Upcoming changes to the EU Renewable Energy directive will set new production targets. But with a few additional adjustments, the directive could also drive the development of completely new forms of renewable energy
The EU Renewable Energy directive is about to get an upgrade. The current goal is to have 32% of EU energy produced from renewable sources by 2030, but the European Commission wants to boost this to 38 - 40%, under proposals to be tabled on 14 July.
Which begs the question: will the upgraded directive merely deliver more of the same, or will it contain any measures to promote innovation - and in particular - the development of new sources of renewable energy? The answer is, too few.
But first, the good news. The 2020 strategies for energy system integration and offshore renewable energy will shape the directive. So expect proposals on open access to data on the state of charge and other critical characteristics of batteries, and on measures to promote thermal energy storage. In addition, support for offshore renewable energy sources, such as wind power, should include moves to better integrate them with the continental power grid.
These measures are focussed on installation and use of renewable energy. Innovation upstream, in the means to provide this energy, is much less well supported. A target will be proposed for advanced biofuels and (new) renewable fuels of “non-biological origin”, such as those based on hydrogen.
But the cupboard is bare when it comes to advancing technologies for generating electricity, heating or cooling.
That cupboard needs restocking. Last September, the European Commission slammed the national Energy and Climate plans of member states, saying they failed, “to pay sufficient attention to research and innovation needs for delivering on climate and energy objectives.”
Overall, the plans revealed a “decrease in national budgets devoted to research and energy in clean energy technologies and a severe lack of national objectives and funding targets that show concrete and relevant pathways to 2030 and 2050,” the Commission said.
A colossal amount
Here’s how to fix things: setting a target for advanced fuels is good, but it should be more prescriptive. The target of 38 - 40% could create a colossal amount of new capacity. A small proportion of this should be earmarked as having to be produced by innovative technology.
New technologies need a pull from the market as well as a push from the lab. Setting aside even a fraction of total spending in this category, such as 0.5% - 2%, would prod governments to think of specific strategies for commercialising new technologies, without standing in the way of established technologies doing the bulk of the lifting, ensuring the overall target is met:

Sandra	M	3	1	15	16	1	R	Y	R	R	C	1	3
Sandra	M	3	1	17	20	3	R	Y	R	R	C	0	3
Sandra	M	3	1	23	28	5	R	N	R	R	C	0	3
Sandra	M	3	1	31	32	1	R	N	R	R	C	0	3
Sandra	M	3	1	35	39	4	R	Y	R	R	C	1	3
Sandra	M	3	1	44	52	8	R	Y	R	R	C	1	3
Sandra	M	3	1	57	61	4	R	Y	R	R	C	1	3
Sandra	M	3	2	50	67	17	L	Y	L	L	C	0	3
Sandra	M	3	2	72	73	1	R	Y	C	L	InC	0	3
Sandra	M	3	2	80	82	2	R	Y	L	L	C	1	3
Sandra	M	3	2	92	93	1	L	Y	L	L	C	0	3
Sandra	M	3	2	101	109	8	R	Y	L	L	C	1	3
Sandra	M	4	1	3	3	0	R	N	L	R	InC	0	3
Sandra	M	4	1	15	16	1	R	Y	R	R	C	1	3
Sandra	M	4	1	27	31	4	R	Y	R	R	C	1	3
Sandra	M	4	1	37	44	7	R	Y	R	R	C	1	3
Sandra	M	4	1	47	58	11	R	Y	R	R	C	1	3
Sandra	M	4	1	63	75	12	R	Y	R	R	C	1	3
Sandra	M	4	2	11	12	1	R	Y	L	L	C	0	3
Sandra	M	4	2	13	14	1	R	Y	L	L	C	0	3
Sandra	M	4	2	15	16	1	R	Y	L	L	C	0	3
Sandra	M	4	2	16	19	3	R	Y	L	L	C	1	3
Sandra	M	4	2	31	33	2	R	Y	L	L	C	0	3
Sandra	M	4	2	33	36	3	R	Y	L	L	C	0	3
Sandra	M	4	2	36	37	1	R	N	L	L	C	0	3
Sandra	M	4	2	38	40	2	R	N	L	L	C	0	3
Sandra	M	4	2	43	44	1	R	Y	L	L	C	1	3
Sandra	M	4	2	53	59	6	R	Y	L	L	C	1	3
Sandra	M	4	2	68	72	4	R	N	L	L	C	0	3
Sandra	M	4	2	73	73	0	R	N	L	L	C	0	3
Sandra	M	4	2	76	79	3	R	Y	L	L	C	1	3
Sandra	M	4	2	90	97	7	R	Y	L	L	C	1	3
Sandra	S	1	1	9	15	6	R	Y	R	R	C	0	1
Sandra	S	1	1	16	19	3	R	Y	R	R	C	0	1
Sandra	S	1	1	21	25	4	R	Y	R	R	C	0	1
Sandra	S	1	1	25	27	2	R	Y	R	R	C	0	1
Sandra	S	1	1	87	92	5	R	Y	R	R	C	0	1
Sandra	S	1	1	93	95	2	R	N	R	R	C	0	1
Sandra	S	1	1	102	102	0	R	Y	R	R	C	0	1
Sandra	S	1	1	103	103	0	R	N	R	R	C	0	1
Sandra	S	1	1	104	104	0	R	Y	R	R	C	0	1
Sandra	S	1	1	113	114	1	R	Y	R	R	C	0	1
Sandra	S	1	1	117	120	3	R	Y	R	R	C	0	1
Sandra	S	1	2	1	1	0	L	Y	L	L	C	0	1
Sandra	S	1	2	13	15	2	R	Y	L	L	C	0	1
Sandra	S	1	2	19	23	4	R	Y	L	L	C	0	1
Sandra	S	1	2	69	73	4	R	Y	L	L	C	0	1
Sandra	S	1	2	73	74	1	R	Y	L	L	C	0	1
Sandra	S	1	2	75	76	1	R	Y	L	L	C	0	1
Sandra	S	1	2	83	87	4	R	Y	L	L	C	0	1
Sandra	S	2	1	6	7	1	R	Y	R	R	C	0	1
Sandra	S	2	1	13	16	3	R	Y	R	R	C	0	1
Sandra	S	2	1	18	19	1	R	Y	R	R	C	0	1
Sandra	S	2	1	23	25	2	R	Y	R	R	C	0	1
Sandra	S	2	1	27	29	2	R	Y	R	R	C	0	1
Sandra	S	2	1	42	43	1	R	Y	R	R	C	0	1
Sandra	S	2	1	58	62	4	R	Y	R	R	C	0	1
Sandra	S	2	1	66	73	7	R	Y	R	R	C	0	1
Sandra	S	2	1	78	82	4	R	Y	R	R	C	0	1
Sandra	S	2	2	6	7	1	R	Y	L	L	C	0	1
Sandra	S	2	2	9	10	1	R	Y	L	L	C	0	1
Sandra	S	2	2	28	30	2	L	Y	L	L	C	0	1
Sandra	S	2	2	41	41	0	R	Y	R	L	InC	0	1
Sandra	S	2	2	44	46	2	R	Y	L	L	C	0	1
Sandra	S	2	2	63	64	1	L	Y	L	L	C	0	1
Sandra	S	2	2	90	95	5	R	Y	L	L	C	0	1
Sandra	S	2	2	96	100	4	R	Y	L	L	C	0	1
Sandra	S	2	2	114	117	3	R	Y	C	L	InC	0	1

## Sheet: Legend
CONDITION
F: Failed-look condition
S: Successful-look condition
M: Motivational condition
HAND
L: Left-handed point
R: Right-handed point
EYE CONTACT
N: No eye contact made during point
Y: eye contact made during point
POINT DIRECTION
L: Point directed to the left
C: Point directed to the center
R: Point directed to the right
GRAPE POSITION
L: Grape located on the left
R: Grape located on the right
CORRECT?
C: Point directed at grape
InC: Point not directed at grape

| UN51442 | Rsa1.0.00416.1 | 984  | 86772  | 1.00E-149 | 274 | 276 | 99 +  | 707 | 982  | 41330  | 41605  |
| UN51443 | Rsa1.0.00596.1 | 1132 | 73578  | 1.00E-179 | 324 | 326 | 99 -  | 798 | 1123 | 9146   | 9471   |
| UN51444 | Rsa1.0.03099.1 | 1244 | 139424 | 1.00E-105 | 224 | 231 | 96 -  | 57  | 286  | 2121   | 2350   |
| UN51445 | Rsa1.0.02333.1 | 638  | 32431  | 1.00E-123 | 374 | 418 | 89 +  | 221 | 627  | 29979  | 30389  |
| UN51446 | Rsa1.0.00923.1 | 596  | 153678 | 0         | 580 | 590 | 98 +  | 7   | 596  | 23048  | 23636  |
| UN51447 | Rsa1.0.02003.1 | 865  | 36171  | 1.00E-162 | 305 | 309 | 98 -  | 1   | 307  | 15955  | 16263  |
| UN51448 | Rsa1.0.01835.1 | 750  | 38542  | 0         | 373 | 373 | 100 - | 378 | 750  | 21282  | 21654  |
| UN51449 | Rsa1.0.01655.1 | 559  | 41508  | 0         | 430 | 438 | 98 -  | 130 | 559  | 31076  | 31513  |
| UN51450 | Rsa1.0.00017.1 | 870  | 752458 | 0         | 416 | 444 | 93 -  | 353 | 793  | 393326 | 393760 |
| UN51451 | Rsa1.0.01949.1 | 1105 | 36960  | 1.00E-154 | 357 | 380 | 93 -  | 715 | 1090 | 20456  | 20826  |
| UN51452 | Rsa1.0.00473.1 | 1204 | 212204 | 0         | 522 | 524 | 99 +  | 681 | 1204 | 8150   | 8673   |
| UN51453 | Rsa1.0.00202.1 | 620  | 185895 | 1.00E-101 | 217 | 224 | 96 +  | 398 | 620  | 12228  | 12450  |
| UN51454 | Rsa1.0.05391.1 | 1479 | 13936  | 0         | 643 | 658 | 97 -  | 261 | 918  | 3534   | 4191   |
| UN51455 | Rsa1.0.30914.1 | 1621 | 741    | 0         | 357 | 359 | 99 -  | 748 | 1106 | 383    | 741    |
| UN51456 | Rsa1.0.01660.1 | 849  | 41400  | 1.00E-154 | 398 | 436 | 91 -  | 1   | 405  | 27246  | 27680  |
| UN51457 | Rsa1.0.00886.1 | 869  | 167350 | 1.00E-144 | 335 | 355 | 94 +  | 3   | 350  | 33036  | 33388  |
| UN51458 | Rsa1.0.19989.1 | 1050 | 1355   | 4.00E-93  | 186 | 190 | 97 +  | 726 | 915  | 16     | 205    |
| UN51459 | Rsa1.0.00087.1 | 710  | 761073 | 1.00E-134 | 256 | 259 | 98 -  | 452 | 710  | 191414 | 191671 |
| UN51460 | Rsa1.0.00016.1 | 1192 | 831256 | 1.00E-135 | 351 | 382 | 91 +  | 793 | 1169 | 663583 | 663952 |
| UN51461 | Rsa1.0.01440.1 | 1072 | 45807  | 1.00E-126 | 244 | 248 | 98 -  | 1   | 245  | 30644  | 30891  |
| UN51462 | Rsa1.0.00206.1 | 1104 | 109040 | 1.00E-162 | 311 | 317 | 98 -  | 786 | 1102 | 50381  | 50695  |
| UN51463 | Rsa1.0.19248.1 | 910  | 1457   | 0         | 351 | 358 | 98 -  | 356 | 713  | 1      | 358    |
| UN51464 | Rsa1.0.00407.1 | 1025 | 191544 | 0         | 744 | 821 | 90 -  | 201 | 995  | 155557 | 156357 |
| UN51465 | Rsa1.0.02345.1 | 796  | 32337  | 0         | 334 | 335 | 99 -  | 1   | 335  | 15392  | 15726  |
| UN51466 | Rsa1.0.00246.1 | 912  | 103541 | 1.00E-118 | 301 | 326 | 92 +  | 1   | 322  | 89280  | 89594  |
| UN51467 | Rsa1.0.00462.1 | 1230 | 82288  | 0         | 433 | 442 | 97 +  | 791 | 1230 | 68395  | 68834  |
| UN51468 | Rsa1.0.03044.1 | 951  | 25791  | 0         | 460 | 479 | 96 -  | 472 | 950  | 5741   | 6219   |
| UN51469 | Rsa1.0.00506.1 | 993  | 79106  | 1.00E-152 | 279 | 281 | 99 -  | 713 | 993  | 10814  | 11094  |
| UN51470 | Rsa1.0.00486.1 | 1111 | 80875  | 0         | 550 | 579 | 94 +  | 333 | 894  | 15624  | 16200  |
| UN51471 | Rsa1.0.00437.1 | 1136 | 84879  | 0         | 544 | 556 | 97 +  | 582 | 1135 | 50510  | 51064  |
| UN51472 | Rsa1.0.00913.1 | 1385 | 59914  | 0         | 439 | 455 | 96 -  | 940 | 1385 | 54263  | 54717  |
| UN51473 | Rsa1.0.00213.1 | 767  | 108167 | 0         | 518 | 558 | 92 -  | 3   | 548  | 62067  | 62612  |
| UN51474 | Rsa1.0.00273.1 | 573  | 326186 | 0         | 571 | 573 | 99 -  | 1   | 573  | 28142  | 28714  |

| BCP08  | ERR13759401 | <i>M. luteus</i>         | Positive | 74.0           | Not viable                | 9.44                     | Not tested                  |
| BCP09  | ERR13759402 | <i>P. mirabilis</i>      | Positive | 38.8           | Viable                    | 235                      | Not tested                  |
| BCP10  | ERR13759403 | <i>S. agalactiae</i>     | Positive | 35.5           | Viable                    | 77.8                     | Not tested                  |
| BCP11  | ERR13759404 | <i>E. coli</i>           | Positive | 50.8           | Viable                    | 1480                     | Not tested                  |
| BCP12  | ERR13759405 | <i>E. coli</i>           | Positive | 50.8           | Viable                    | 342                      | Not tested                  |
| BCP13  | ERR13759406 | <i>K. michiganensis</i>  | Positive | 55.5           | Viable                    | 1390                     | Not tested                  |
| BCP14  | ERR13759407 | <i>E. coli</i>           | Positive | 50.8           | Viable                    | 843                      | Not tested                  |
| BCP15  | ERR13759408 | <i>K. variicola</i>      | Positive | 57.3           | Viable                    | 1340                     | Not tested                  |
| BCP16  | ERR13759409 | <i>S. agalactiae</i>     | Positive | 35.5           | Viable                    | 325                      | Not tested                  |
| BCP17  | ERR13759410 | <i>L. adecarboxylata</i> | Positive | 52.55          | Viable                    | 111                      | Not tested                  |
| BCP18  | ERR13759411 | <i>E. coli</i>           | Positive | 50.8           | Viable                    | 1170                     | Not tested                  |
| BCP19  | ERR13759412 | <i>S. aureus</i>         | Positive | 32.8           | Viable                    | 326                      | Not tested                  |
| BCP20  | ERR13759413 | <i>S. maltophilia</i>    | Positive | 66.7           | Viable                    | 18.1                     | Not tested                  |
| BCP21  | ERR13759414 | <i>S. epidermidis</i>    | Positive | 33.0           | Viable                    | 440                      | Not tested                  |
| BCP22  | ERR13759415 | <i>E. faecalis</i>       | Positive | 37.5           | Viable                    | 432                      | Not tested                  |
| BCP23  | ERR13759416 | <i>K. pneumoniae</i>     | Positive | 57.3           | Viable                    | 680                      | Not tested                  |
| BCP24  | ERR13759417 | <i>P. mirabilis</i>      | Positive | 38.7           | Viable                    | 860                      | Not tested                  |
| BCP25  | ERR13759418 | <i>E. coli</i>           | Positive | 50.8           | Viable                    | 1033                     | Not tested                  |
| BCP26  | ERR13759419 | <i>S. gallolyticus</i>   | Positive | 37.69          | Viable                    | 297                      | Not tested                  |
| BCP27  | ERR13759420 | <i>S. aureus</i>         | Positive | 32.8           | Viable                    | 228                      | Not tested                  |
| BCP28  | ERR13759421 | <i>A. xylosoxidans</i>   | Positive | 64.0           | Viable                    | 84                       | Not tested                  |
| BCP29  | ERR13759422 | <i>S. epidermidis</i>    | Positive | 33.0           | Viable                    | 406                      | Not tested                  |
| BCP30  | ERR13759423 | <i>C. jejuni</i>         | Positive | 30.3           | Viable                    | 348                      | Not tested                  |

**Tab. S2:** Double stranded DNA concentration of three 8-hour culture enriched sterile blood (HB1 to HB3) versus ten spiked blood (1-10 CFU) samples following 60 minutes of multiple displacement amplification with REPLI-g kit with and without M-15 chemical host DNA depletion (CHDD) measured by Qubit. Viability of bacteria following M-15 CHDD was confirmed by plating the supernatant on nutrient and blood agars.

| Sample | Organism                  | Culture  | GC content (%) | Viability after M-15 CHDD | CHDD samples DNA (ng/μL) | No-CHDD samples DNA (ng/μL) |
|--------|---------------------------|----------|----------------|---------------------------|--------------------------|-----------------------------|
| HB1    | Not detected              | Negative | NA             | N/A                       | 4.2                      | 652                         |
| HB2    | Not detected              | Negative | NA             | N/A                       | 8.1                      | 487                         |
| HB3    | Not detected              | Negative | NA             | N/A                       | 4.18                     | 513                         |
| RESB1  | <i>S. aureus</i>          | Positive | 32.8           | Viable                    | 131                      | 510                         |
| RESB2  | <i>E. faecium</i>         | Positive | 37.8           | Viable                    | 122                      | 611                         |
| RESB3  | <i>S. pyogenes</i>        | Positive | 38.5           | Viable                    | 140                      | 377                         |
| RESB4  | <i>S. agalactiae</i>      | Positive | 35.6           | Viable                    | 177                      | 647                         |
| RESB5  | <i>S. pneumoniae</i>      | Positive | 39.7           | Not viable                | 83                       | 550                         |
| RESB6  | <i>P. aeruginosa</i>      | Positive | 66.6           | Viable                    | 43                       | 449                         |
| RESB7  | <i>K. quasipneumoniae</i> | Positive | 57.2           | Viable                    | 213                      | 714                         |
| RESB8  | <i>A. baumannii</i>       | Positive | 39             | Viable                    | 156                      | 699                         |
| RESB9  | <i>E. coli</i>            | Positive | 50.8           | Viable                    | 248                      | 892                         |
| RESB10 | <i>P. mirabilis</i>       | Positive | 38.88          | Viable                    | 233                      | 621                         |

- Member states could have the first say in which technologies they apply to meet the 0.5-2% goal. They could use updates to national Energy and Climate plans, due in 2023, to report planned deployments of advanced renewable energy technology;
- The Commission could assess member states’ choices using the Emissions Trading System’s Innovation Fund criteria for ‘degree of innovation’. A caveat: the qualification as ‘innovative’ with respect to the Renewable Energy directive could be lower than the qualification for the ETS Innovation Fund, allowing for greater freedom;
- Member states could update their national Energy and Climate plans based on the Commission’s assessment;
- If the EU-level 2030 target for innovative renewable deployment is at risk of not being met, the Commission can ask individual member states to take additional measures to support renewable energy projects. The Commission could even itself tender support for innovative projects, under the additional funding mechanism described in Article 33 of the Governance Regulation.
Incentives to share data
Improved and cheaper data acquisition methods, big data and artificial intelligence are changing all aspects of the renewable energy business. But as it stands, the revised directive is underestimating the role they could play in reducing the cost of reaching deployment goals.
One way to drive improvements in technology performance is to analyse data from machines operating in the field. That already happens of course: companies analyse data from their own devices or systems. But they keep the data to themselves. Collectively, Europe’s renewable energy industries could advance faster if that data was shared with peers or trusted external researchers. The more high quality data available to analytical tools, the better insights those tools can provide.
An incentive is needed for companies to be able share high quality data, if they so wish. This could be outlined in the action plan on Digitalisation of the Energy System, due for release by the Commission in 2022. But the directive (and also the Climate, Energy and Environmental State aid guidelines – due for revision in 2021) needs text that will allow it to incorporate recommendations from the plan.
The emergency of global heating compels us to search harder and faster for new technology, and make better use of data, to address this problem. Another opportunity to lock in measures that drive innovation in the all-important renewables directive or state rules might not come along for several years. Lawmakers must act now.
Greg Arrowsmith is secretary general of EUREC, the Association of the European Renewable Energy Research Centres